Luckily, this issue has been and is currently being well studied, and many solutions are absolutely feasible. We can manage our marine highways better and coordinate them with whale migration routes for minimal overlap, this will reduce impact of noise as well as whale strikes(Pirotta, et. al. 2018). We can retire the use of sonar except in responsible ocean mine clean-up efforts using spotters and passive sonar to make sure minimal harm is done. All militaries need to commit to impact studies as well as long-term observation, because the odds of seeing a whale in the area is 1 to 100(Parsons, 2017). We need to begin to understand our actual impact so that we can effectively alter course. The seismic airgun array issue may require more ingenuity, however. As a population we either need to find a better and quieter way to find undersea oil or more ideally, quit using oil all together as a species and opt for renewable resources. It may not be easy to gain the cooperation of the world on these issues, but it is an important step toward being good shepherds. It is one of many steps we will need to take to undo the damage that we have done to our ecosystems and biodiversity, and ensure a prosperous future on this planet.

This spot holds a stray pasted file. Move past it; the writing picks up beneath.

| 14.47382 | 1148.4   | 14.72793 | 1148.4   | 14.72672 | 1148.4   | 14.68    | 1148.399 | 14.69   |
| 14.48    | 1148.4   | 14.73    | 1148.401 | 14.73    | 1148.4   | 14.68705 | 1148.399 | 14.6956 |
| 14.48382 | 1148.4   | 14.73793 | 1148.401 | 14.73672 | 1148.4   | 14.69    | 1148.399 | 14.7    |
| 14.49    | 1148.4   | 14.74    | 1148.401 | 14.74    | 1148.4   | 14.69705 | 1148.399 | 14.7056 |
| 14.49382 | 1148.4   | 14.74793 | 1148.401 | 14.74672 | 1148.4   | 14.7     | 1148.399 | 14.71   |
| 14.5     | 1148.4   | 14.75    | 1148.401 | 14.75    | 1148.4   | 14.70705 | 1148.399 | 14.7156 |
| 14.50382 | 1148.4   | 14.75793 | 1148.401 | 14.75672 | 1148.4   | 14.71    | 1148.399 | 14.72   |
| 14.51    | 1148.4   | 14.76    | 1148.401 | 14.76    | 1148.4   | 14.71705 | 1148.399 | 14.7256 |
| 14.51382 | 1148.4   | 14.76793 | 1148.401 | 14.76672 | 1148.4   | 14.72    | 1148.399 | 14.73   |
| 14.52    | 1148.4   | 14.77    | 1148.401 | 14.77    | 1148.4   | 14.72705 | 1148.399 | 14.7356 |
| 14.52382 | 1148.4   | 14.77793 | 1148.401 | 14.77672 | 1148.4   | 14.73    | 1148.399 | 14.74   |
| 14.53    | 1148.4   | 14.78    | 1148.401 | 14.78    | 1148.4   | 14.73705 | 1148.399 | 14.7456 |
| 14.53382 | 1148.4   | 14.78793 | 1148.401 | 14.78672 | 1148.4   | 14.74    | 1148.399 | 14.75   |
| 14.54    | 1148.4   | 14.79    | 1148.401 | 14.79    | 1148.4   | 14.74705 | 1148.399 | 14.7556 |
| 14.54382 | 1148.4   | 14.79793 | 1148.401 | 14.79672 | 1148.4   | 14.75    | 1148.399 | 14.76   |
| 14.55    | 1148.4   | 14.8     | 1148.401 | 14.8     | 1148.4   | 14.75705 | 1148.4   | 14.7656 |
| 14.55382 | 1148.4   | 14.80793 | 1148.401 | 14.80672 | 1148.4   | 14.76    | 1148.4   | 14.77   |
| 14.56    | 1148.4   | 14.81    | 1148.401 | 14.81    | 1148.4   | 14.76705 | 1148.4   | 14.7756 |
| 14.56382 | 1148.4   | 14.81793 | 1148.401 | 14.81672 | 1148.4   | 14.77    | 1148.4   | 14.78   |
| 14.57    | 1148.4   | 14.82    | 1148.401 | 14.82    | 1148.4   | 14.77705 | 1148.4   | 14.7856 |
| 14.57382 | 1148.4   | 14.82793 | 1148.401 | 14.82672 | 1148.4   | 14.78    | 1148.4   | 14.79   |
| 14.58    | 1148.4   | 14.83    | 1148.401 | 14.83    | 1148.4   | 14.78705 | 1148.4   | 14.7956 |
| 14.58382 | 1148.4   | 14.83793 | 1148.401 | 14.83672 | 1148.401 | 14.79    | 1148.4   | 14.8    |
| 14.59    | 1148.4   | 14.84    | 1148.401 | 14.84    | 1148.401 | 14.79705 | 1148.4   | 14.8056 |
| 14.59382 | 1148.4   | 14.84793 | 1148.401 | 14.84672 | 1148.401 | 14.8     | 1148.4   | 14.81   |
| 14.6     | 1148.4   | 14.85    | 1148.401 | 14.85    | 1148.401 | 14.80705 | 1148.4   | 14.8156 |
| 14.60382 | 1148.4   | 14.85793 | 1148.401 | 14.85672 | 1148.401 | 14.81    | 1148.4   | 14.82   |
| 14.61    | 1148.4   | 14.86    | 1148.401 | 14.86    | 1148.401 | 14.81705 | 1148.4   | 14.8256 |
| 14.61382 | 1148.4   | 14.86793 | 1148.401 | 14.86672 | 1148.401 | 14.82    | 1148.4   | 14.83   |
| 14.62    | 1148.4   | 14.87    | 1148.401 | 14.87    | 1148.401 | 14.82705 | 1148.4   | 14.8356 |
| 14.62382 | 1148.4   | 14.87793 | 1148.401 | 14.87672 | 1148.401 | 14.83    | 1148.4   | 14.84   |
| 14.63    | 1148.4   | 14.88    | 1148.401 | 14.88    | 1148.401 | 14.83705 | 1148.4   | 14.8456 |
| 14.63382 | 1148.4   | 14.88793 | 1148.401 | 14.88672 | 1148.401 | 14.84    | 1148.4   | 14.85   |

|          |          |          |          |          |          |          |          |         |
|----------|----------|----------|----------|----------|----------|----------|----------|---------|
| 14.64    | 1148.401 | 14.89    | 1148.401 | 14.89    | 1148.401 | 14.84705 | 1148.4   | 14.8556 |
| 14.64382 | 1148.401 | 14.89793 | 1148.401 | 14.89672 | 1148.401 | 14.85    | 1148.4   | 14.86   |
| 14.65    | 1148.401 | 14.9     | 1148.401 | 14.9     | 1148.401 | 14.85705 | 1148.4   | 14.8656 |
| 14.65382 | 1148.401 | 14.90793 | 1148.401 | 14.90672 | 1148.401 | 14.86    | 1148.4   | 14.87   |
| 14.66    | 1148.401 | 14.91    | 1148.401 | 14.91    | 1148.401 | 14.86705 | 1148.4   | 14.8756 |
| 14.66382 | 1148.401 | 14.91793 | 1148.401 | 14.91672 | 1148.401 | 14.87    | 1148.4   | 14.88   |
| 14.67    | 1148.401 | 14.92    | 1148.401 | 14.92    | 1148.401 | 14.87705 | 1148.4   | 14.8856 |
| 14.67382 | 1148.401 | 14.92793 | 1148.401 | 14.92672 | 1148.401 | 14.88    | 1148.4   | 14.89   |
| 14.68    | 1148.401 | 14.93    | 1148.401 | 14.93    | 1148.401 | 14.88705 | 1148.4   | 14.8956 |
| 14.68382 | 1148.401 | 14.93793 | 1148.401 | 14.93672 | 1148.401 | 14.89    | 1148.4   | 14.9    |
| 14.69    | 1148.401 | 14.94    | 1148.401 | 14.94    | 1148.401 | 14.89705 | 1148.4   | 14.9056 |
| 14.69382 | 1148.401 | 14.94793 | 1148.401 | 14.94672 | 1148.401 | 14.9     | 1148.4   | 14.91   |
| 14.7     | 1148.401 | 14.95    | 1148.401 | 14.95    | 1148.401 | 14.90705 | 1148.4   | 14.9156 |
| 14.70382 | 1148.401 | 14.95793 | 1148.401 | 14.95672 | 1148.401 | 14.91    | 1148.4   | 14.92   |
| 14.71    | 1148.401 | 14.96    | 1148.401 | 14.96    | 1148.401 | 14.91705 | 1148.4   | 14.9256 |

Works Cited